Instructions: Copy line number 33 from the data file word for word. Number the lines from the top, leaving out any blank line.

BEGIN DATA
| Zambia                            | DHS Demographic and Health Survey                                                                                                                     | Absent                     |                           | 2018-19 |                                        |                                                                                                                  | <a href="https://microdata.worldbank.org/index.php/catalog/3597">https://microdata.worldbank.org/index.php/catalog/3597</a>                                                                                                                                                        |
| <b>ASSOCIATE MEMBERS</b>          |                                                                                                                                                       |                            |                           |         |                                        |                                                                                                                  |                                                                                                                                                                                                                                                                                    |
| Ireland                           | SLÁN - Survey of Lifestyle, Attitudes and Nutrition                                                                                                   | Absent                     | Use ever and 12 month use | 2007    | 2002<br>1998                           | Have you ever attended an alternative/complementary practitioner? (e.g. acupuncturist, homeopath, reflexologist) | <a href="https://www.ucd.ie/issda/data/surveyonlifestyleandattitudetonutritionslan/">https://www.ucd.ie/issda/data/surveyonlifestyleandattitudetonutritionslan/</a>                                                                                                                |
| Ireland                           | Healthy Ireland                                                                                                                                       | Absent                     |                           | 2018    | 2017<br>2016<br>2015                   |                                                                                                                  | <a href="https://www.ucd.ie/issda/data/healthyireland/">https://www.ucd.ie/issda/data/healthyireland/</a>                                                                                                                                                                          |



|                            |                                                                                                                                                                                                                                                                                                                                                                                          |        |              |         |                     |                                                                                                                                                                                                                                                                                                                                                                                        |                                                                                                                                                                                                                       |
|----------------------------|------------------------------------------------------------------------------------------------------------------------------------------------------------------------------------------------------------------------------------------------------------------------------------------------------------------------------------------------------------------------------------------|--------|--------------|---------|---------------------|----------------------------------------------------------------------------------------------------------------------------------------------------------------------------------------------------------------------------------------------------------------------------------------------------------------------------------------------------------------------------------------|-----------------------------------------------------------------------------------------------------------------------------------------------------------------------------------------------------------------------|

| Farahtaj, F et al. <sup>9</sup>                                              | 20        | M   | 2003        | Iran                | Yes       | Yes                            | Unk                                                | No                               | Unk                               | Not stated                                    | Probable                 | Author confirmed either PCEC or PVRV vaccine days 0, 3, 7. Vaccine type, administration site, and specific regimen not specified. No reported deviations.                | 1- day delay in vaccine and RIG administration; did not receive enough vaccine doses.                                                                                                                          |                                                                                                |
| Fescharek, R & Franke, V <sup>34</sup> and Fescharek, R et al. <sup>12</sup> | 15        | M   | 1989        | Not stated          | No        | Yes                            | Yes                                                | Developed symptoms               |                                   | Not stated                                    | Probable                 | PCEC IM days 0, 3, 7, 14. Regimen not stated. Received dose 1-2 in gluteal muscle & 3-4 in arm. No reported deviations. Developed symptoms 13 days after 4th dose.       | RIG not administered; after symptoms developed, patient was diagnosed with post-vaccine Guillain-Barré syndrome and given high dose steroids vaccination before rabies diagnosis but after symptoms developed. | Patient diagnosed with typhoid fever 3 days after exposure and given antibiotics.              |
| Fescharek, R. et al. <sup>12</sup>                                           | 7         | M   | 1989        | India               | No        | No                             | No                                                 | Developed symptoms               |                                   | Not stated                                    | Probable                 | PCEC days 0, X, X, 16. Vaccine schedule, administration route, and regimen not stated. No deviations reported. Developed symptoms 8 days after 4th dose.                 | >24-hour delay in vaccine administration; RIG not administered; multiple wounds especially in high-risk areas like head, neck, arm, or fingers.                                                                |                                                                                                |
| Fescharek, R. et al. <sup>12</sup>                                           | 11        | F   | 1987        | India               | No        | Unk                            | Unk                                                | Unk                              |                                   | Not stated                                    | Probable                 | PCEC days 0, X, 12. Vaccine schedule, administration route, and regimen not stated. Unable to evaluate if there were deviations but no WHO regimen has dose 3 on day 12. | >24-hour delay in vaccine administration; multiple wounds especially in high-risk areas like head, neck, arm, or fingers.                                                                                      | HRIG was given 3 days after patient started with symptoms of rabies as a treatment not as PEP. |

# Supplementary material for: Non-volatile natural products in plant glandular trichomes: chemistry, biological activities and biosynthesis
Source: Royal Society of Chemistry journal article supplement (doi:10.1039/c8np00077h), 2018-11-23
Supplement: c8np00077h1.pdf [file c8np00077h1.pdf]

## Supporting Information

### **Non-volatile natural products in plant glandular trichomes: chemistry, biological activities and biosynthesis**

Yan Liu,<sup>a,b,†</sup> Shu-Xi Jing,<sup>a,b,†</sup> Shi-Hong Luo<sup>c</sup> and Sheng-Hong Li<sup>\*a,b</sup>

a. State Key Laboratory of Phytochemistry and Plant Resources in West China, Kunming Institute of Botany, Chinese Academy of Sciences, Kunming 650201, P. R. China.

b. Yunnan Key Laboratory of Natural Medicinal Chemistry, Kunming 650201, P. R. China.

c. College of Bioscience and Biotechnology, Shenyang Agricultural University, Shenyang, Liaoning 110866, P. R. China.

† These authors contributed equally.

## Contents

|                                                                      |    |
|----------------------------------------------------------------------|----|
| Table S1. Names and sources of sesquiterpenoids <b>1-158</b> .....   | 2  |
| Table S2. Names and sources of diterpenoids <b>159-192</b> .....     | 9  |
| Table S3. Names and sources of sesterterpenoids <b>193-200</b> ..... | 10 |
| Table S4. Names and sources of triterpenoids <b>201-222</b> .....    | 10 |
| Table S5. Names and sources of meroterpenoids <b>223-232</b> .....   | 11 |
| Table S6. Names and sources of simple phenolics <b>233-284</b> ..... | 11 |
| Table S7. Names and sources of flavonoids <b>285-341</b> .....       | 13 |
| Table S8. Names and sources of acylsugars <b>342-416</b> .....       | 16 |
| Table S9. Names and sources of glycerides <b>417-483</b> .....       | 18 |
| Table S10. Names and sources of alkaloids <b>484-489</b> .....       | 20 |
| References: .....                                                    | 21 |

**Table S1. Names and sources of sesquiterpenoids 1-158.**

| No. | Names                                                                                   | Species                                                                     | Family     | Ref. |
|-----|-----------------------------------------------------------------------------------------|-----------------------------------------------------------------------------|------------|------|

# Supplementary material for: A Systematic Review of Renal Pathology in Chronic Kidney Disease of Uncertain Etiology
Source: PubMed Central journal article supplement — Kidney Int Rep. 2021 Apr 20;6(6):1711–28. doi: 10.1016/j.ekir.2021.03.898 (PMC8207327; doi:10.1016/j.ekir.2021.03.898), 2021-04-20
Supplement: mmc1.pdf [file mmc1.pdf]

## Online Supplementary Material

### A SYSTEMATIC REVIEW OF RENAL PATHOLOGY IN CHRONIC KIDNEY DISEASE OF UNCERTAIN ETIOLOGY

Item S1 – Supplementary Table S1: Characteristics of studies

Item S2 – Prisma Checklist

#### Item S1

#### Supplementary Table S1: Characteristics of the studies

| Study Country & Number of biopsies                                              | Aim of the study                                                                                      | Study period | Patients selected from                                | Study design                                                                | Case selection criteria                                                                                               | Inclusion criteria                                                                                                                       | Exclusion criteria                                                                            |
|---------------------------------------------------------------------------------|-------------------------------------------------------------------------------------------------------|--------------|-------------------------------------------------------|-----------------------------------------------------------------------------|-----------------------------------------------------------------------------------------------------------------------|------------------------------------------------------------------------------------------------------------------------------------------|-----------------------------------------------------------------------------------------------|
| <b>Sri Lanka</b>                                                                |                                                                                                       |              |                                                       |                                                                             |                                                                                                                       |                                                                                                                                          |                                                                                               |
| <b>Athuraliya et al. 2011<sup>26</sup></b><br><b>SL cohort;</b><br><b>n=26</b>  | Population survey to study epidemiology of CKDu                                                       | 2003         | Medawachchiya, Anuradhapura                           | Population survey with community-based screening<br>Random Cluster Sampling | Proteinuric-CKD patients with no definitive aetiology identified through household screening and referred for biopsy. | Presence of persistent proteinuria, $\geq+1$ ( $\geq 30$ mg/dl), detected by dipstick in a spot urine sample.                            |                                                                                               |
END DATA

| Table S10. Names and sources of alkaloids <b>484-489</b> .....       | 20 |